Democracy, Economy and Gender In Uganda: A Report of a National Sample Survey

Publication Date: 
5 Oct 2000

Publication Type:



In the run-up to Uganda's referendum of June 29, 2000, a national sample survey was conducted of a representative cross-section of 2271 adult Ugandan citizens. The survey covered all four regions of the country (northern, eastern, central and western), including 36 of the 45 administrative districts. The purpose of the survey was to assess popular attitudes to democracy, economy, civil society and gender.

Referendum 2000

         Of intended voters surveyed before the referendum, 91 percent said they would support the movement and 7 percent preferred the multiparty side, figures almost identical to the actual vote tally.

         But actions speak louder than words. Whereas 83 percent said that they intended to vote in the referendum, only 52 percent actually voted according to the Electoral Commission. We suspect that the discrepancy between expressed voting intention and actual voter turnout conceals an element of silent boycott.

         Moreover, Ugandans do not distinguish clearly between elections and referenda, with 62 percent thinking that these two voting events are "the same thing".

         Most people heard about the referendum through informal channels like friends (87 percent) and family (71 percent), though a majority (59 percent) claimed contact with "civic educators".

         More than half of all Ugandans thought that media coverage of the referendum was balanced; when bias was perceived, however, three-quarters said that information was tilted to the "government" side.

         The lopsided referendum result is moderated if the question is differently posed. Fewer Ugandans, though still a clear majority (72 percent), are willing to give the present political system "more time to solve inherited problems"; but almost one in four (22 percent) thought that "if our system of government can't produce results soon, we should try another system".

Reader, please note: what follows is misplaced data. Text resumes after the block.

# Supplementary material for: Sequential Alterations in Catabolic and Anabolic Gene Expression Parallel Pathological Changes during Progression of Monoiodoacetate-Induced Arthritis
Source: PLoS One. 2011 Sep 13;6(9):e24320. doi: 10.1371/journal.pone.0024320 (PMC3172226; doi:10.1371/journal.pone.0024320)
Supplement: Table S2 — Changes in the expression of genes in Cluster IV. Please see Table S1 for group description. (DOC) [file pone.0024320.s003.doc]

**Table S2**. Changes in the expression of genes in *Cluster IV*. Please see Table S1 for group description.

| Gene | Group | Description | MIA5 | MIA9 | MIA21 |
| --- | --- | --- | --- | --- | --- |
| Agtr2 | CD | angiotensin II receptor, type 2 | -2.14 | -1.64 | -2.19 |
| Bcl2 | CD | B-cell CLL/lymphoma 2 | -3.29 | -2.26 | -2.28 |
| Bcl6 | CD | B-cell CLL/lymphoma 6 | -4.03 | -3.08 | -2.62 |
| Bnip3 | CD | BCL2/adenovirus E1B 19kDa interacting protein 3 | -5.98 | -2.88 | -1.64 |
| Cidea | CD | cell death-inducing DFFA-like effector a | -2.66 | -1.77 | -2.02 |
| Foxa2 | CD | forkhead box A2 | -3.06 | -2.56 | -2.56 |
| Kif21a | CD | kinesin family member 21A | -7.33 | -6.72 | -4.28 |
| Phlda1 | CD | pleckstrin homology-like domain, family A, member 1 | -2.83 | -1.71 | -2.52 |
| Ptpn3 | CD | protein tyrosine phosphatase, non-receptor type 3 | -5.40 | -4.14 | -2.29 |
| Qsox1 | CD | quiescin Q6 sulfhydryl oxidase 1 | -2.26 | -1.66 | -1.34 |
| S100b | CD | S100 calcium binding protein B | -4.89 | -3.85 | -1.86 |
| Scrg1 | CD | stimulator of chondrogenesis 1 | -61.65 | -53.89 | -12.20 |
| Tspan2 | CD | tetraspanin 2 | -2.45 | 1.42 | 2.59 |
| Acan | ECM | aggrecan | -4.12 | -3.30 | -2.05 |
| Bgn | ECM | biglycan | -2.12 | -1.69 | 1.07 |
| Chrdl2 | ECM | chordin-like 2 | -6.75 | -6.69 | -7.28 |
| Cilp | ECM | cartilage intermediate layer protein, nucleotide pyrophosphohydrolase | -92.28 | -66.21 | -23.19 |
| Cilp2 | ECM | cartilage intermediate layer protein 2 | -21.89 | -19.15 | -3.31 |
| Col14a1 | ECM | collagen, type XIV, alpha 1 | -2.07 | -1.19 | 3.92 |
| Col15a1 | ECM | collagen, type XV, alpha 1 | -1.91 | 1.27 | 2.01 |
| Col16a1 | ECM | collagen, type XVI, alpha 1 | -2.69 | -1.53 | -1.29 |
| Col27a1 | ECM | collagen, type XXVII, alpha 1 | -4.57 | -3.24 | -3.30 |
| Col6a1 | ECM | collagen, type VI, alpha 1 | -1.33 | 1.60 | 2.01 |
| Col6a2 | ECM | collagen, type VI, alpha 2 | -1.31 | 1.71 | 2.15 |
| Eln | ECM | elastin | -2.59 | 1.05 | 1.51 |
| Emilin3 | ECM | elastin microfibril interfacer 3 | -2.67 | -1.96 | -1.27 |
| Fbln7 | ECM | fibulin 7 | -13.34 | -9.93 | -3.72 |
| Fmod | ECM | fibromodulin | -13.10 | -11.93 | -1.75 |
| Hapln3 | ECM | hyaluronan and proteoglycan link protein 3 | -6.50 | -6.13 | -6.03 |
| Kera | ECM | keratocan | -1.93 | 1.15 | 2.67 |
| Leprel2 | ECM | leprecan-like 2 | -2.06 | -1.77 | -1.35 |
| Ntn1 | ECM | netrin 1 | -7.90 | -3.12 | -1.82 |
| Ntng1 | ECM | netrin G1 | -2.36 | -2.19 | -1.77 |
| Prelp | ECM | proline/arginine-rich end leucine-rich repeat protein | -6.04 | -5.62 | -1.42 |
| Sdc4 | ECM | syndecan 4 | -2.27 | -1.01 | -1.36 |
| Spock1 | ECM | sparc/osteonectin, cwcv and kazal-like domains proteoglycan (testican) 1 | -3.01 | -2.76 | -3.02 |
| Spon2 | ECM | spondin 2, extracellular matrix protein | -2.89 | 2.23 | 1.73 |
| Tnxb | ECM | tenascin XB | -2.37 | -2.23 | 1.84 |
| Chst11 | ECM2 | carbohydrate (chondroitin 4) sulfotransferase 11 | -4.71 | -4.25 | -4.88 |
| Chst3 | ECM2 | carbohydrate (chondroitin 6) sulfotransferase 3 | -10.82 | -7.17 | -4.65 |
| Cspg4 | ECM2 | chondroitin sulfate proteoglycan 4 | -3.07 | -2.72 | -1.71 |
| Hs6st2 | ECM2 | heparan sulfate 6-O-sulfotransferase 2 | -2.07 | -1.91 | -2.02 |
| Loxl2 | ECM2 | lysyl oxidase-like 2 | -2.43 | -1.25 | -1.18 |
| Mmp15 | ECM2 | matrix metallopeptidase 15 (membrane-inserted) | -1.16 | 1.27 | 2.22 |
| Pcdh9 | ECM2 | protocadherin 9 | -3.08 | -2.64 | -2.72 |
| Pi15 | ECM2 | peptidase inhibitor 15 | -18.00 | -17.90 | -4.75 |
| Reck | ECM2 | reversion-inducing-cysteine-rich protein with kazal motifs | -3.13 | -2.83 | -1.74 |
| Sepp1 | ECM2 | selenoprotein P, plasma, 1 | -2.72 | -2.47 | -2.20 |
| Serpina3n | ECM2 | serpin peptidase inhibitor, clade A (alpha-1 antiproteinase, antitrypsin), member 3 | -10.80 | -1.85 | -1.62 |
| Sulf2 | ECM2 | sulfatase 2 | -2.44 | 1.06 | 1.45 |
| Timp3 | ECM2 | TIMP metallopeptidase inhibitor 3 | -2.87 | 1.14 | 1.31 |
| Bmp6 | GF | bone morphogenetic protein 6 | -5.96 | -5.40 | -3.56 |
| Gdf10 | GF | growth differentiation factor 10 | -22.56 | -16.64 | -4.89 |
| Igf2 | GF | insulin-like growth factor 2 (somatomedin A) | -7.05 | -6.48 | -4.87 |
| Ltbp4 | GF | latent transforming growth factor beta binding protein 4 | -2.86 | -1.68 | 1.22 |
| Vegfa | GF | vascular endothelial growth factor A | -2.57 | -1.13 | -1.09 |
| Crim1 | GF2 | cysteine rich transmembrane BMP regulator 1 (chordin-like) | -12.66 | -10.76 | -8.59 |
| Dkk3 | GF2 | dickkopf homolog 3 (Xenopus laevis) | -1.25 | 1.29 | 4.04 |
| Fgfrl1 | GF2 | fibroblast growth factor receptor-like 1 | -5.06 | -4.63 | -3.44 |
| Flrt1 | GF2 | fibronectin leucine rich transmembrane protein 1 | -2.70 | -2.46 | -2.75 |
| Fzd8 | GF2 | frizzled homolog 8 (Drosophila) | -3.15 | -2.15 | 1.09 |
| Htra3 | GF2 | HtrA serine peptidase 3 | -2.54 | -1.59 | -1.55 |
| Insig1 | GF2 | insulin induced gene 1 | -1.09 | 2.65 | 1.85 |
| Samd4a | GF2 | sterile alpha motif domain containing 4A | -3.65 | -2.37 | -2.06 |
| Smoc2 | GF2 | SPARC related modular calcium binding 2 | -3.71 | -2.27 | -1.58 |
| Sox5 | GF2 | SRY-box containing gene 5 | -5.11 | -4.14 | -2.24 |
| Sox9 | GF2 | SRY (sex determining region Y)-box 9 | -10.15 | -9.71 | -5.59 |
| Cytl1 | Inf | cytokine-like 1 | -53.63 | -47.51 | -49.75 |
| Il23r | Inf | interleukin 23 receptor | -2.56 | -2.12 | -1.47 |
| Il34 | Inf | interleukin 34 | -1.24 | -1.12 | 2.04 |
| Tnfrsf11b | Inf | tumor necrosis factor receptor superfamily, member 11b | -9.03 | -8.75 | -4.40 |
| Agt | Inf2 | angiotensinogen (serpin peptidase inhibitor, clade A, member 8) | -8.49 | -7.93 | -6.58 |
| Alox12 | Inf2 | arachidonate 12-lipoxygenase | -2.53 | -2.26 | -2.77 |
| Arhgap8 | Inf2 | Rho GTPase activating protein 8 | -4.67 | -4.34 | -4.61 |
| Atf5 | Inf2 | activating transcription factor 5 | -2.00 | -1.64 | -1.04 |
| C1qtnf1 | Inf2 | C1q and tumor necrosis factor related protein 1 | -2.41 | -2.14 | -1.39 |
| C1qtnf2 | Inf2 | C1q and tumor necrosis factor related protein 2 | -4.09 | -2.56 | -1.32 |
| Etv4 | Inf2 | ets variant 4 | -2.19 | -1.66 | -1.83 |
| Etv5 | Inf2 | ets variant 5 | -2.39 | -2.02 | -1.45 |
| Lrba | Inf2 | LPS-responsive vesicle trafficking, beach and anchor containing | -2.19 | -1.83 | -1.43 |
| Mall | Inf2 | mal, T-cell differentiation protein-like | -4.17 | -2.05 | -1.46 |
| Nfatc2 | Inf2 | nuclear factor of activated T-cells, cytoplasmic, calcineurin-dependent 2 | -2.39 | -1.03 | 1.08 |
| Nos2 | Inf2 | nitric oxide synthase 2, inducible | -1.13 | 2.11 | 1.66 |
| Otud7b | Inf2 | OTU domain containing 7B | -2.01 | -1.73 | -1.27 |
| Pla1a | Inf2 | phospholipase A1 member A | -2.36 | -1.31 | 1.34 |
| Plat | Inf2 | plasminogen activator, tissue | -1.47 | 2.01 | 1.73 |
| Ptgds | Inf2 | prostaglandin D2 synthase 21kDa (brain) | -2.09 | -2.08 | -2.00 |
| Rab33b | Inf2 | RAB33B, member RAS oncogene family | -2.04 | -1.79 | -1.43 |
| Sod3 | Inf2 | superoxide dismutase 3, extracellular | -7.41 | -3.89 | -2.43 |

Similarly: although an overwhelming majority of survey respondents (84 percent) agree that we "should keep the present movement system", a sizeable minority (37 percent) simultaneously agrees that "we should have many political parties that compete in free elections".


         Most survey respondents declared themselves "interested" in politics and government (83 percent). The minority in Uganda who said they were "not interested" was far smaller than in other African countries like Nigeria or Ghana.

         Ugandans frequently engage in community-based activities: for example, 81 percent claim to have attended a community meeting versus 66 percent of Zambians.

         Men were significantly more likely than women to say that they felt politically competent, for example by being able to influence the political opinions of other people (72 versus 54 percent).

         When it comes to participation in civic life, Ugandans are just as likely to use informal political networks (like churches) as formal organizational channels (like local government). They rarely turn to their parliamentary representatives for help to solve problems. Various survey results suggest that the quality of political participation in Uganda is more "mobilized" than "autonomous," with citizens responding to the social pressures of a mass movement.

         In Uganda, fewer citizens are aware of the term "democracy" (74 percent) than in six other African countries where this question was asked in 1999-2000.

         To Ugandans who know about it, democracy means civil liberties (20 percent), government by the people (13 percent), and voting rights (8 percent).

         To many Ugandans, democracy also means peace and unity (14 percent). In their view, it is a system of government that puts an end to political violence and unites and stabilizes the country.

         Almost two-thirds of all citizens consider the form of democracy practiced in Uganda to have "major" (32 percent) or "minor" (32 percent) shortcomings.

         Regional differences were important on most political attitudes. For example, northerners were most likely to say that Uganda was "not a democracy" (24 percent), whereas easterners and westerners were inclined to consider that Uganda had attained "full democracy" (33 and 30 percent respectively).  

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